Energy

9 Items

Visitors look at a Intelligent Energy hydrogen fuel cell motorcycle at the 10th Auto Expo in New Delhi, India, Jan. 6, 2010.

AP Photo

Policy Brief - Energy Technology Innovation Policy Project, Belfer Center

Energy Innovation Policy in Major Emerging Countries

New Harvard Kennedy School research finds that energy research, development, and demonstration (ERD&D) funding by governments and 100 percent government-owned enterprises in six major emerging economies appears larger than government spending on ERD&D in most industrialized countries combined. That makes the six so-called BRIMCS countries—Brazil, Russia, India, Mexico, China, and South Africa—major players in the development of new energy technologies. It also suggests there could be opportunities for cooperation on energy technology development among countries.

French President Nicolas Sarkozy, center, upon his arrival in Bangalore, India, Dec. 4, 2010. Sarkozy arrived on a 4-day visit to sign agreements to set up nuclear power plants in India and jointly develop satellites to study climate change.

AP Photo

Policy Brief - Harvard Project on Climate Agreements, Belfer Center

Towards a Breakthrough for Deadlocked Climate Change Negotiations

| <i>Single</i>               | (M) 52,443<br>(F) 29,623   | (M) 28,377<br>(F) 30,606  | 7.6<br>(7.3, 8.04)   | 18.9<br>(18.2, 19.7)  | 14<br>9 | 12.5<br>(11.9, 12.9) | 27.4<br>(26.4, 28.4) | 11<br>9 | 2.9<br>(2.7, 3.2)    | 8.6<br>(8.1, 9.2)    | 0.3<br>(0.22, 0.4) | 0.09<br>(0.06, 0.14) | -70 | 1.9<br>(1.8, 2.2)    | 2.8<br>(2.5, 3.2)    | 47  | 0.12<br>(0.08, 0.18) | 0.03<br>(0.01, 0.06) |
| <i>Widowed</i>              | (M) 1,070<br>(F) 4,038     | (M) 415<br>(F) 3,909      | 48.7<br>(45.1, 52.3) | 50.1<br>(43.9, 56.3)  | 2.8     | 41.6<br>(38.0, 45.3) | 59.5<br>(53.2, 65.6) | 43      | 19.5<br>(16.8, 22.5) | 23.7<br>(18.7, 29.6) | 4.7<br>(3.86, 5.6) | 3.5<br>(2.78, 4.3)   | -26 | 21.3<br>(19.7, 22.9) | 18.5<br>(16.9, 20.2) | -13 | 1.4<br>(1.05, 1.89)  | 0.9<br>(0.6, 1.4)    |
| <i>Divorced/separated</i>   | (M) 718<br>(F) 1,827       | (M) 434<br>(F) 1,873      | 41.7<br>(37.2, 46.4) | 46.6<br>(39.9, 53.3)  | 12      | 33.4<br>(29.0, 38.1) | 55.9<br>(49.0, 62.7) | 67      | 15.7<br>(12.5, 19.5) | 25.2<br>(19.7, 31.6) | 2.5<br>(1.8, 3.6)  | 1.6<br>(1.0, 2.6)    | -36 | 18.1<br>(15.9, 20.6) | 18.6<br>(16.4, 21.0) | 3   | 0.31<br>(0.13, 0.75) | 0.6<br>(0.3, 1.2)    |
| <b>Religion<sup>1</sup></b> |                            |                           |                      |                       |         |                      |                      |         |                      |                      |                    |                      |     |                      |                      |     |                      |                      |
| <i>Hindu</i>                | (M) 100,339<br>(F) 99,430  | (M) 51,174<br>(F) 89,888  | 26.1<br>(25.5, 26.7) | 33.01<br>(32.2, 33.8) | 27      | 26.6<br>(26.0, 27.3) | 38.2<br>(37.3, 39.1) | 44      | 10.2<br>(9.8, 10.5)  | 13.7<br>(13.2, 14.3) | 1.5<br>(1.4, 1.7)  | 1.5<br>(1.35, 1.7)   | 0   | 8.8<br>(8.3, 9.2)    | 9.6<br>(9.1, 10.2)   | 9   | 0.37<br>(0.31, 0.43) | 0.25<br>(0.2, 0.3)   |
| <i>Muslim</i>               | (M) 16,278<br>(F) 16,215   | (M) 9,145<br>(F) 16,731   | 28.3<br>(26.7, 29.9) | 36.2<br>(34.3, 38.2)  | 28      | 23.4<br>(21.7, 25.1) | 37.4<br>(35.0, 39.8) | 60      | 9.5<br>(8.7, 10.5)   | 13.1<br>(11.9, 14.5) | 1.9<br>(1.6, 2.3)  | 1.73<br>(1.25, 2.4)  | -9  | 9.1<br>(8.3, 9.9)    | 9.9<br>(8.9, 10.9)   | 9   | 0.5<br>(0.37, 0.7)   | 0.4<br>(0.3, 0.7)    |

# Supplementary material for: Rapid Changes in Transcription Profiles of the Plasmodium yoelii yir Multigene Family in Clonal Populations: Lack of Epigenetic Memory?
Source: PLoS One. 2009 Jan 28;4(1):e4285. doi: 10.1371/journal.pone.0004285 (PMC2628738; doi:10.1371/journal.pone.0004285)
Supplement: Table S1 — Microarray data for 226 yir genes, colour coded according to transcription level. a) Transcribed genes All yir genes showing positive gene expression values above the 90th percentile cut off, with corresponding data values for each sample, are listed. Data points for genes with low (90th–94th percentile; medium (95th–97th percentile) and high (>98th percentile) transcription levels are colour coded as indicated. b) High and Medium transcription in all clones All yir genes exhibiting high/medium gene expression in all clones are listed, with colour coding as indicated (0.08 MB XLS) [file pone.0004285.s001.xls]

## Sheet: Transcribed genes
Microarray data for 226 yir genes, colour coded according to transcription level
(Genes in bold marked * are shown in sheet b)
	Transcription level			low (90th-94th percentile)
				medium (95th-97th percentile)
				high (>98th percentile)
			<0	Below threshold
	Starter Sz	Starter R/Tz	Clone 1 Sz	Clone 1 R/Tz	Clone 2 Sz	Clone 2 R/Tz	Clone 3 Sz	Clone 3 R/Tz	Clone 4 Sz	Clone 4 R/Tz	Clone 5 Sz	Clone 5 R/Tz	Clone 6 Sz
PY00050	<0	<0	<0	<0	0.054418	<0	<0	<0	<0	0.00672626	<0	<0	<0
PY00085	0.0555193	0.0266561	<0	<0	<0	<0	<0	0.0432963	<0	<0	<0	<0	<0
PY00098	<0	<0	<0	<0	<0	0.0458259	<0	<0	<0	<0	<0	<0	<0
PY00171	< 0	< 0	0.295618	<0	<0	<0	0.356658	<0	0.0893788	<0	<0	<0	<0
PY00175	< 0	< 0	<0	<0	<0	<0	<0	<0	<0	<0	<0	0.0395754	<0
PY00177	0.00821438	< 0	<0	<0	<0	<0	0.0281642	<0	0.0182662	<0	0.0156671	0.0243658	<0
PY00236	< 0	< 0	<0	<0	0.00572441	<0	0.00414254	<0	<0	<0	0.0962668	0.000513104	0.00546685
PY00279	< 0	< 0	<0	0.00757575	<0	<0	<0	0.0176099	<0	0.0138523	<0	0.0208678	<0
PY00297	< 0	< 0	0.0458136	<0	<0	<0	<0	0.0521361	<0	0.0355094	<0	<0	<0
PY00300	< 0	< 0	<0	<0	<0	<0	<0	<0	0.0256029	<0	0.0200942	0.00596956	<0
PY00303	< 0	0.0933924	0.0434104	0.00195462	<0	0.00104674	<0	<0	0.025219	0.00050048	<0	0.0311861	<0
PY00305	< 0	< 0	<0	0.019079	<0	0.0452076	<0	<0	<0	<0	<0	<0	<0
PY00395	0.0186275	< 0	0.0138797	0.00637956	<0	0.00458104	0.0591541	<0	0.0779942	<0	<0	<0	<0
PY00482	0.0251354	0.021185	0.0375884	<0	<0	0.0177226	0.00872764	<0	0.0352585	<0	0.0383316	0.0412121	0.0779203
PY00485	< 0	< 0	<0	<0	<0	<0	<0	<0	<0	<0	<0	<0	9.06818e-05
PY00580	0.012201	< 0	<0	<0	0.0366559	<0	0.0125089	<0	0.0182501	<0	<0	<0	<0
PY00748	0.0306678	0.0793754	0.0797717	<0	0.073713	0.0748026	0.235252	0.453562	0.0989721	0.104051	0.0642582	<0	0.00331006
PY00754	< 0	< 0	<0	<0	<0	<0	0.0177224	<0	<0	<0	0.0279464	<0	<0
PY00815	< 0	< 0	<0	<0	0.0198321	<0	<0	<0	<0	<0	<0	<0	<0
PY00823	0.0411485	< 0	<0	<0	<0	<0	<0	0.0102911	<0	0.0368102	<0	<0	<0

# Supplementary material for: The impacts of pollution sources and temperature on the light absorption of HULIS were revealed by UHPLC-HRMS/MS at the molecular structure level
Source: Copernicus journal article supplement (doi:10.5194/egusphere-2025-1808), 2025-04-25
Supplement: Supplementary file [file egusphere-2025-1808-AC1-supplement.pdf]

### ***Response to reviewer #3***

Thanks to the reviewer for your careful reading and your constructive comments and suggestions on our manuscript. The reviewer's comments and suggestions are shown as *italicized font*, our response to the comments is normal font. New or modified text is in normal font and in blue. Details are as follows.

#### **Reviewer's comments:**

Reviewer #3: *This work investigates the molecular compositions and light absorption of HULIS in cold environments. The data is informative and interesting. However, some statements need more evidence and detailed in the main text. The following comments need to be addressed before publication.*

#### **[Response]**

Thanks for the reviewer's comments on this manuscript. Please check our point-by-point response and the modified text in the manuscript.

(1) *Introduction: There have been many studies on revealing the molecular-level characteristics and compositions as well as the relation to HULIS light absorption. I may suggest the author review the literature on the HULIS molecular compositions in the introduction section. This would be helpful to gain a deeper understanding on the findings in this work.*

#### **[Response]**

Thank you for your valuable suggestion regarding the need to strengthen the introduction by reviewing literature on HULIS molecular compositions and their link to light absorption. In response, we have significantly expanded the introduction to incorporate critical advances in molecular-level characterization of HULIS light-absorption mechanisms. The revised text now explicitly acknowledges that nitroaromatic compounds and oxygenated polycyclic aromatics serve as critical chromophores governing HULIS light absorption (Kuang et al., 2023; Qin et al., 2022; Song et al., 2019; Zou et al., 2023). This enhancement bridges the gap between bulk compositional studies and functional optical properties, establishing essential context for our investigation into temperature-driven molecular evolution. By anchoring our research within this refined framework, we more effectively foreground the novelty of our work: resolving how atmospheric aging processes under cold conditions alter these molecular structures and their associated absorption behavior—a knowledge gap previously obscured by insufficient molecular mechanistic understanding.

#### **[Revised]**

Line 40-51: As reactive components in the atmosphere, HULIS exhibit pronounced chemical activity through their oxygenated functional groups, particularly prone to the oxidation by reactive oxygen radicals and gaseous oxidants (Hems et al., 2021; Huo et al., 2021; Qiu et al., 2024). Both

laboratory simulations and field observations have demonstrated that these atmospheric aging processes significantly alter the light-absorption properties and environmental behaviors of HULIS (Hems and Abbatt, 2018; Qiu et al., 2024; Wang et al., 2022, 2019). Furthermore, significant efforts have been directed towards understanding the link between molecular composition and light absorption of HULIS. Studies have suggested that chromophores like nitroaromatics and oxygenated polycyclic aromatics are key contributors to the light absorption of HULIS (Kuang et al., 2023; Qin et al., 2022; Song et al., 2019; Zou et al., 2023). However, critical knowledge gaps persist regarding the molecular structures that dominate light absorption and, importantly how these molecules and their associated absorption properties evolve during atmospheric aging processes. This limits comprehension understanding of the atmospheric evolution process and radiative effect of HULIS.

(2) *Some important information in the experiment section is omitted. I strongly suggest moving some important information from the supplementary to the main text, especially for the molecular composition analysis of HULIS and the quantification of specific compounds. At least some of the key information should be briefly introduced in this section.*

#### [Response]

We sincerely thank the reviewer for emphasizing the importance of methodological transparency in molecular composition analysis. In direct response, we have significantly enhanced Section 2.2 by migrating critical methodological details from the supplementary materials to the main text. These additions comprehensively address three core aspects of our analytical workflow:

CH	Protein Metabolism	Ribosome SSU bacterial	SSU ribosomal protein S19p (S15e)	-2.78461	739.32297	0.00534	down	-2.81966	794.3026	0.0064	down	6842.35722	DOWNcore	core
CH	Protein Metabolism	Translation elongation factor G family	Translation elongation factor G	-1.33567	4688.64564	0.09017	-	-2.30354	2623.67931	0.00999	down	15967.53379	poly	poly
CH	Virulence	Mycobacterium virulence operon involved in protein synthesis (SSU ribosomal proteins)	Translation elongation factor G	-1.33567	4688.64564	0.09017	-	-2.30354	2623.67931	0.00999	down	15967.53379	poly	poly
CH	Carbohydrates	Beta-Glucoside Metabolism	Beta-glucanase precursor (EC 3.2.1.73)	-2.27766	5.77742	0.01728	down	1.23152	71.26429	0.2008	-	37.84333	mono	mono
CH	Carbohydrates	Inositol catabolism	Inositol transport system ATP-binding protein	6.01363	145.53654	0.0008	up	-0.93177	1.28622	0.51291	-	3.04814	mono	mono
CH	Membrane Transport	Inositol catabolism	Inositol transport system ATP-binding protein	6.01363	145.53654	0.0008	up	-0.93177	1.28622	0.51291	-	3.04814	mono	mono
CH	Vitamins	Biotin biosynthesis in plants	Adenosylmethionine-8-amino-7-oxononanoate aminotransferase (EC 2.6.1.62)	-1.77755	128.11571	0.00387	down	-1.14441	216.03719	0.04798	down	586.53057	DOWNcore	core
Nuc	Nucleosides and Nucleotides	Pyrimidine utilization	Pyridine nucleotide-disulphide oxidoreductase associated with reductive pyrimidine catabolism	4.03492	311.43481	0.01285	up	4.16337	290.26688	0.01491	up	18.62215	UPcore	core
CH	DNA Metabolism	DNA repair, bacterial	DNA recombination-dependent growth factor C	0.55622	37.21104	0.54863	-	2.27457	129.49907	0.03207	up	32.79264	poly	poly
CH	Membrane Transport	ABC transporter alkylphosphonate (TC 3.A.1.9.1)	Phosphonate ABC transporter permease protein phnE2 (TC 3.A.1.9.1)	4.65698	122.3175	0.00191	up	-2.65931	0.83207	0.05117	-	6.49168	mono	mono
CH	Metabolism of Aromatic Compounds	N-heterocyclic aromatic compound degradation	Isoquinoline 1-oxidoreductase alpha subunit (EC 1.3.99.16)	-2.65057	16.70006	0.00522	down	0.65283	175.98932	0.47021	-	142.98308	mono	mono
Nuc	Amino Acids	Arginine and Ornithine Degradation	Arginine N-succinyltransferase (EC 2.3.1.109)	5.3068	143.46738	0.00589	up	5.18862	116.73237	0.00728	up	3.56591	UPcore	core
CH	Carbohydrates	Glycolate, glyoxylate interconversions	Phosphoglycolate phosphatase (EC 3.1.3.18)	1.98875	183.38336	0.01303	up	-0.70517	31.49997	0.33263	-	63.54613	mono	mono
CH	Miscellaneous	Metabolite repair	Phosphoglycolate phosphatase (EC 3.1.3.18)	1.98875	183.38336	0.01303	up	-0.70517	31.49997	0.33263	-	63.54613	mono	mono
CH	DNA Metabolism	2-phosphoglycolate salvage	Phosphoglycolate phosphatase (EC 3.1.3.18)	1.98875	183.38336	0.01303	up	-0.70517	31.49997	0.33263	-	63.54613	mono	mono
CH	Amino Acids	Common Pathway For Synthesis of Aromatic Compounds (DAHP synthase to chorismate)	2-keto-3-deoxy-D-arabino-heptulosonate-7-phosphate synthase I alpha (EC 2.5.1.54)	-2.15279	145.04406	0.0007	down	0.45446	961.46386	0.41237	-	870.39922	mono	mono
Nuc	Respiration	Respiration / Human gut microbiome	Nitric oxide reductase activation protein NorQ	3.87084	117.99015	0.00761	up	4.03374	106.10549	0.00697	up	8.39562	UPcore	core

Author:
  • Akihiro Sawa
| December 2010

With regard to developing a new international framework, developed countries should acknowledge how grave the consequences would be to easily give in to a Kyoto extension. Merely extending the Kyoto Protocol would surely delay mitigation actions on the part of developing countries and discourage the U.S. from making serious efforts to reduce its large energy consumption. In other words, no country should end up being a "climate-killer" in its attempts to avoid being called a "Kyoto-killer."

A Chinese resident looks at a solar panel in a residential area in Nanjing, Dec. 1, 2009. Solar energy supplies heating and hot water to as many as 150 million Chinese.

AP Photo

Policy Brief - Harvard Project on Climate Agreements, Belfer Center

Climate Finance: Key Concepts and Ways Forward

    Authors:
  • Richard B. Stewart
  • Benedict Kingsbury
  • Bryce Rudyk
| December 2, 2009

Climate finance is fundamental to curbing anthropogenic climate change. Compared, however, to the negotiations over emissions reduction timetables, commitments, and architectures, climate finance issues have received only limited and belated attention. Assuring delivery and appropriate use of the financial resources needed to achieve emissions reductions and secure adaptation to climate change, particularly in developing countries, is as vital as agreement on emission caps. Yet, a comprehensive framework on financing for mitigation and adaptation is not in sight. Developed and developing countries cannot agree on even the fundamentals of what should be included (e.g. should private finance through carbon markets be included?), let alone the level and terms of financing commitments, regulatory and other mechanisms, or governance structures.

Policy Brief - Harvard Project on Climate Agreements, Belfer Center

Climate Finance

    Author:
  • The Harvard Project on International Climate Agreements
| November 2009